HIV and AIDS: The violence of visuality and the visuality of violence | Intellect Skip to content
Volume 6, Issue 2
  • ISSN: 1754-9221
  • E-ISSN: 1754-923X



This article explores the expression of violence through verbal and visual representations of HIV and AIDS in the film ‘Musinsimuke’ which literary means ‘change’ (Markham, 2001). The epistemological understanding of violence embraces two important strands: the symbolic and the physical. These two facets are intertwined and feed into each other. The manifestations of violence are played out onto the body which is a contestable terrain that reflects possibilities for both hope and social abjectivity. Violence destabilizes the normal: it is the politics of representation in which people infected can be viewed as hopeless and useless, and destined for death. In its psychological dimension, violence is the unstable condition in which infected people may begin to undermine themselves instead of living positively with the disease by leading a healthy life. This article will argue that extreme cinematic representations of diseased bodies gloss over the realities and methods of preventing HIV and AIDS. We will also conceptualize the violence of representation as metaphorically depicting Zimbabwe as a contaminated nation, undergoing challenging times and in need of serious attention. Most donor-funded films have a tendency to hit out at the government by proffering macabre images of diseased bodies, creating stereotypes and reinforcing damaging myths about African sexuality. Such myths need to be challenged and deconstructed through visual images working as counter-cultures.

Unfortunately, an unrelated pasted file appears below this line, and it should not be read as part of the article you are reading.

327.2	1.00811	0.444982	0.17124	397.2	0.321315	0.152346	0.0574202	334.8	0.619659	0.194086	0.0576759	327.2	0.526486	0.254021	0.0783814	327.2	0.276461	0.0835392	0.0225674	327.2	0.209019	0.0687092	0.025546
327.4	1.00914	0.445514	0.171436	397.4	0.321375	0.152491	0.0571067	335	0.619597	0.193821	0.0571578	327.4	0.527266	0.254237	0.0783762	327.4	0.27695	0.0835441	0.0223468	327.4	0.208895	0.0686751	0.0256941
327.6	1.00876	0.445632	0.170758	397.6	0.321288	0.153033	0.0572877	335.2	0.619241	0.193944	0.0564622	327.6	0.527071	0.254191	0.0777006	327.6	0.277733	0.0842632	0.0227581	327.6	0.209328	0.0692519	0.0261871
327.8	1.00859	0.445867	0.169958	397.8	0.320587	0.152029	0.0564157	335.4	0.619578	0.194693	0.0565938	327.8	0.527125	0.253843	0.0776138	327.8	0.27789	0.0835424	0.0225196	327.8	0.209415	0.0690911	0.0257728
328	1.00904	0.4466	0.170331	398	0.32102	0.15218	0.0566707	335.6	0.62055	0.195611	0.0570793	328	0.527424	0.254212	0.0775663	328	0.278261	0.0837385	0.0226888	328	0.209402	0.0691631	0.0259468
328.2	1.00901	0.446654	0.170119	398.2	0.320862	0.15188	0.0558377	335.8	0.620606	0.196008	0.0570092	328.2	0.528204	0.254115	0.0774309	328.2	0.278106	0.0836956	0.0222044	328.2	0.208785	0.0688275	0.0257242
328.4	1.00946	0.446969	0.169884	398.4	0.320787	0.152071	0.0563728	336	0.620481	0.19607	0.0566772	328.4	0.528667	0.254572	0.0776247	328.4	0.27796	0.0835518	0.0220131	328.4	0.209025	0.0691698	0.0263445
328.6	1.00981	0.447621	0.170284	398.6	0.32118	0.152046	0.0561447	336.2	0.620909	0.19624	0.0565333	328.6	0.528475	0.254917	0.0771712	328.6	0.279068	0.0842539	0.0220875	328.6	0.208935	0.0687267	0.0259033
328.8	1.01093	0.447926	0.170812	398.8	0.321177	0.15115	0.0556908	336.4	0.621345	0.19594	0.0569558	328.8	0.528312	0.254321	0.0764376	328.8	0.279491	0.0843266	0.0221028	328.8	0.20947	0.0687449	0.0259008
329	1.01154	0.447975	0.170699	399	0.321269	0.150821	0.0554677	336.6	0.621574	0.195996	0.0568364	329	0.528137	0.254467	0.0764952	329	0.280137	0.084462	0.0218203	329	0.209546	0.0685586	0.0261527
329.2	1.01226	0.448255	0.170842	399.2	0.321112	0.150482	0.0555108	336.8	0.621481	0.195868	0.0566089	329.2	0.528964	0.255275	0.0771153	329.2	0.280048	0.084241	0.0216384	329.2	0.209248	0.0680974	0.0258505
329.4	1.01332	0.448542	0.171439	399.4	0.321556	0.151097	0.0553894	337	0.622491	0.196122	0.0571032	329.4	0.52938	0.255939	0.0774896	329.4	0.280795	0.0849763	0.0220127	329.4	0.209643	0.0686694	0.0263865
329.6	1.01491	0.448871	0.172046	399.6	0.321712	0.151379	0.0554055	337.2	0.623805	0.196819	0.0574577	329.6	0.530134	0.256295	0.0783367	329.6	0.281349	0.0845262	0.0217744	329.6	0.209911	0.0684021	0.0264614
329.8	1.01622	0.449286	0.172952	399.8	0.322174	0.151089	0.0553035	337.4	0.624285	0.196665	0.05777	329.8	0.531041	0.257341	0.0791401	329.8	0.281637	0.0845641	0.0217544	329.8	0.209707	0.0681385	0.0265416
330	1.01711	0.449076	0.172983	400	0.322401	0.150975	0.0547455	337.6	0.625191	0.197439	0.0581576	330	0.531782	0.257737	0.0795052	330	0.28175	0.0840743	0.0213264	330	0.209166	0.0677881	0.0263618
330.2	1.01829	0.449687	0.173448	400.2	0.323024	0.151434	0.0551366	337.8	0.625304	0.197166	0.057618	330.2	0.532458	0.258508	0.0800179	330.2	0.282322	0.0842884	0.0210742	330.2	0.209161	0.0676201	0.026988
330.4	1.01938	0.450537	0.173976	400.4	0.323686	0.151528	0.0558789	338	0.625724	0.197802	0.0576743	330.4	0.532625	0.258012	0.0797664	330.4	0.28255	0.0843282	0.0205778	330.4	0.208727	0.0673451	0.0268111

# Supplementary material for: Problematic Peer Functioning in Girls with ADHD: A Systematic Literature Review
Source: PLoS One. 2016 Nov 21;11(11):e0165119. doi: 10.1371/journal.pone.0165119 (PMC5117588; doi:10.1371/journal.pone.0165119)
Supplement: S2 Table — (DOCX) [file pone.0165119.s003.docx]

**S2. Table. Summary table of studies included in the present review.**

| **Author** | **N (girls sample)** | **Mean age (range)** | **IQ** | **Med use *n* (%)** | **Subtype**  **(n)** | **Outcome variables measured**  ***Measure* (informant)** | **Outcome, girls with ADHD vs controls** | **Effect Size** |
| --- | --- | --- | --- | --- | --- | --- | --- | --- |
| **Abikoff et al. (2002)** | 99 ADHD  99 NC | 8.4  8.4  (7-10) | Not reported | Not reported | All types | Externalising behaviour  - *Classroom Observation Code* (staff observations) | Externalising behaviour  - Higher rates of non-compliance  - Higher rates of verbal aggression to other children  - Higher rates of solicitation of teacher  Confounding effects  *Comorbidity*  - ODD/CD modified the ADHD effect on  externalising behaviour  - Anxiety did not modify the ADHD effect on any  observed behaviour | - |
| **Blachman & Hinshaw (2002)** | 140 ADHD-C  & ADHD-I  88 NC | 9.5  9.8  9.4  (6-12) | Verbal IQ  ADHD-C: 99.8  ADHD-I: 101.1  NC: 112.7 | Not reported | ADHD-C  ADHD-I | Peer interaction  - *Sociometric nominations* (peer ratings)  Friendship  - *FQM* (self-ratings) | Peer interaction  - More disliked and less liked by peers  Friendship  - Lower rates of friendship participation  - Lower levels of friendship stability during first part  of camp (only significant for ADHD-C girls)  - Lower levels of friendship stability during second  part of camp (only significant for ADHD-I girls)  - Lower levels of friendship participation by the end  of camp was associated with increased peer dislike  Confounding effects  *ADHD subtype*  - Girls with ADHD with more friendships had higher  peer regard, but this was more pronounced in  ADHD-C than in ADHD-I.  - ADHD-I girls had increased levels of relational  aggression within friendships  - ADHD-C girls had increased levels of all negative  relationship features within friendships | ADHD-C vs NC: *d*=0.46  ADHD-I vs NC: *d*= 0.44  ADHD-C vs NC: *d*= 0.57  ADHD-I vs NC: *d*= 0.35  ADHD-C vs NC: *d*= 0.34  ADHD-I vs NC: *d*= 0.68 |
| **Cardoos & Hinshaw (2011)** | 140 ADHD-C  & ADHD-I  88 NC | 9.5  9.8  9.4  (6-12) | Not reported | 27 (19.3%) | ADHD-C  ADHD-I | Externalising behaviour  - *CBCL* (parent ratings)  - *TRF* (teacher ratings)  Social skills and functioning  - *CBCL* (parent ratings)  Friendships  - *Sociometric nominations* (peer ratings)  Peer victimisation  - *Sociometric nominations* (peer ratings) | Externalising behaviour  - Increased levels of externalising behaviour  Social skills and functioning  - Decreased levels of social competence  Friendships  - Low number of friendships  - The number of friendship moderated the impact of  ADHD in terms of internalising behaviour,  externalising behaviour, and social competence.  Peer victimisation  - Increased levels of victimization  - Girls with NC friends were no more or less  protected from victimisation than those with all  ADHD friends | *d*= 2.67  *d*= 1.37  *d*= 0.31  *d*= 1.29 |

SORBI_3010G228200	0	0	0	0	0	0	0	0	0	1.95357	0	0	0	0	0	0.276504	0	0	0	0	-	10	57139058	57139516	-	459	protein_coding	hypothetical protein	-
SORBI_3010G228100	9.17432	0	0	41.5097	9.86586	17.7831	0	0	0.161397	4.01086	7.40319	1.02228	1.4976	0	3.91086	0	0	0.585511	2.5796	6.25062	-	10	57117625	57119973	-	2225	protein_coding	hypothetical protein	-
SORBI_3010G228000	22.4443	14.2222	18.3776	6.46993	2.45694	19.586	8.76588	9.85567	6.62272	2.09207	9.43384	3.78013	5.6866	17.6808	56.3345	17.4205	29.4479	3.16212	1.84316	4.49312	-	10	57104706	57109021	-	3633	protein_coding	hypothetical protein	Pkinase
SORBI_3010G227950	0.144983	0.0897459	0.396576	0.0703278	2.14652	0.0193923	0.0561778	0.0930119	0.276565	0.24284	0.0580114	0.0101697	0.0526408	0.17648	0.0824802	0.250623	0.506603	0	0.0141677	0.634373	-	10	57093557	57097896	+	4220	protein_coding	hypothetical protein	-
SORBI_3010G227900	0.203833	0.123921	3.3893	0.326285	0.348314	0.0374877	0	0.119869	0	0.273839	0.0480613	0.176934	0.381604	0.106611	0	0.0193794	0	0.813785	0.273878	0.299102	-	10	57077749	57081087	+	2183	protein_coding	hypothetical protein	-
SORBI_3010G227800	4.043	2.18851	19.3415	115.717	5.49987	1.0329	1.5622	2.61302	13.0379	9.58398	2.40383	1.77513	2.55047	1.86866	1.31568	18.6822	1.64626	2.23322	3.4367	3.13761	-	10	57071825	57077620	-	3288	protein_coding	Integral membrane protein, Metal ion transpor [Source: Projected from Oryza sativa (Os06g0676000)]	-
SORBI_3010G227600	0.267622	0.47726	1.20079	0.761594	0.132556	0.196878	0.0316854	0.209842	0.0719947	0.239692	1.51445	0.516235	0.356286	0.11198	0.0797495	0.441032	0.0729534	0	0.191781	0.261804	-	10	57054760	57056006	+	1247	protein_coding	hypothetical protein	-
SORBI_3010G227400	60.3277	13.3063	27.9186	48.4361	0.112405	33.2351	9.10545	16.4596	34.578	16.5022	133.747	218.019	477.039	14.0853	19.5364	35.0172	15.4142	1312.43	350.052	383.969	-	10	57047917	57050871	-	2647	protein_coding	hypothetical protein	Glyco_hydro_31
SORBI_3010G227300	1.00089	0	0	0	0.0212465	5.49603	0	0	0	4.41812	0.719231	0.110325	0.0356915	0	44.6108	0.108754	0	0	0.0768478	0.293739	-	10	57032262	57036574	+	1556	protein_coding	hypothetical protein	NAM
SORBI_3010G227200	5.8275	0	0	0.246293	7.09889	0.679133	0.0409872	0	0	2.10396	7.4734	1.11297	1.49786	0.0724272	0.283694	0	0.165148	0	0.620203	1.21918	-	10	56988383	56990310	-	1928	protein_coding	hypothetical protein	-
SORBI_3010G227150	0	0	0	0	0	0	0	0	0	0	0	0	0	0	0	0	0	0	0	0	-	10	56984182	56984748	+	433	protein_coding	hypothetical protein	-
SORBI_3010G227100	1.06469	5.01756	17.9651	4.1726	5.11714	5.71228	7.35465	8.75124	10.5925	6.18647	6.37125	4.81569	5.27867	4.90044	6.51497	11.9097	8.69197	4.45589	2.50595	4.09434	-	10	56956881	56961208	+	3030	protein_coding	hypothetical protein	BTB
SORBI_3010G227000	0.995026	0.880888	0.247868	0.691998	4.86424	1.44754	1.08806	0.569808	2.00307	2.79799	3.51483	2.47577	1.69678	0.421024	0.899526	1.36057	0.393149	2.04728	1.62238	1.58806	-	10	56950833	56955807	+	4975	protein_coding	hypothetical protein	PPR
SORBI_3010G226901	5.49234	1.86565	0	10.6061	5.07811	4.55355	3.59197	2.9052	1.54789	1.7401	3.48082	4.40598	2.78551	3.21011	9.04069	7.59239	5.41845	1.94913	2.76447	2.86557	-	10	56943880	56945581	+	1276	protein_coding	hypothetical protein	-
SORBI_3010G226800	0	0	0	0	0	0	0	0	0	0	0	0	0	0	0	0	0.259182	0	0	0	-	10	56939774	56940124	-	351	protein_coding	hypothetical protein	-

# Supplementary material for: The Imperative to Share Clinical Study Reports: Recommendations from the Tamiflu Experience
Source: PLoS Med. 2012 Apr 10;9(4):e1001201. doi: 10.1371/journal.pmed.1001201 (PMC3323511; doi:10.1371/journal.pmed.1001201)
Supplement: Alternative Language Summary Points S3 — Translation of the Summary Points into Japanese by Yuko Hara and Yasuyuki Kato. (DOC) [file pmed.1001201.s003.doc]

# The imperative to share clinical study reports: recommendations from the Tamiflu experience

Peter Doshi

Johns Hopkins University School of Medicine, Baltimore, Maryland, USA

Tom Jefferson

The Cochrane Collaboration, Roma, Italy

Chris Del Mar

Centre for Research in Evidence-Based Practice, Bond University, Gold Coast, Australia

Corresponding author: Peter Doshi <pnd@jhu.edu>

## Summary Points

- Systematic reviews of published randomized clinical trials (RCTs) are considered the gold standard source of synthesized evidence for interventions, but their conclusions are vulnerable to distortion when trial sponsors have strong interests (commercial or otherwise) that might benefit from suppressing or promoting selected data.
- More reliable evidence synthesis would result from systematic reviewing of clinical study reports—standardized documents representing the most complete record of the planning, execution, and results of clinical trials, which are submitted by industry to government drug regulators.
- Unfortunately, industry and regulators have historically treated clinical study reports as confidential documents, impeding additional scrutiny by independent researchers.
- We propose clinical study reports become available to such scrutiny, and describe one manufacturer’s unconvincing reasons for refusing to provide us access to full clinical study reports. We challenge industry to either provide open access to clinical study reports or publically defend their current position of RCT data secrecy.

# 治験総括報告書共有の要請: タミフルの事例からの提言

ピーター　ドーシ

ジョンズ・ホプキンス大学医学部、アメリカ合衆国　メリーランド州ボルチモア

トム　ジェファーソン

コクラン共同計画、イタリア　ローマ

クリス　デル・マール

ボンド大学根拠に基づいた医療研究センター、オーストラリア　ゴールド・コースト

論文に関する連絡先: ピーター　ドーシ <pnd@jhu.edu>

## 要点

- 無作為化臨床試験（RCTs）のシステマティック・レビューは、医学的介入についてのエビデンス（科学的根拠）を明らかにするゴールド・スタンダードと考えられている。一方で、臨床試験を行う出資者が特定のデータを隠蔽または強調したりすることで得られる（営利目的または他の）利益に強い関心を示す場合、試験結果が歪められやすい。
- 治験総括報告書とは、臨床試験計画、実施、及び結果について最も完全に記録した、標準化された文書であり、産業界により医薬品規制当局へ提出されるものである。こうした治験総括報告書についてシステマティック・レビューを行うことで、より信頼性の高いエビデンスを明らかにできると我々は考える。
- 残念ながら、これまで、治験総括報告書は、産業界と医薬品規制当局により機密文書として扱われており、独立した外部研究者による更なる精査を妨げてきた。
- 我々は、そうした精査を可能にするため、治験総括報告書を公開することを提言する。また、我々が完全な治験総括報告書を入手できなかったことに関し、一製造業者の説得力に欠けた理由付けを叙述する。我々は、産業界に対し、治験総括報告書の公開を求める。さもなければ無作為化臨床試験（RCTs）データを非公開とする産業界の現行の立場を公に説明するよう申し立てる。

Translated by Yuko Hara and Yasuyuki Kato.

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  • Article Type: Article
Keyword(s): film; HIV and AIDS; Musinsimuke; violence; visual representation; Zimbabwe
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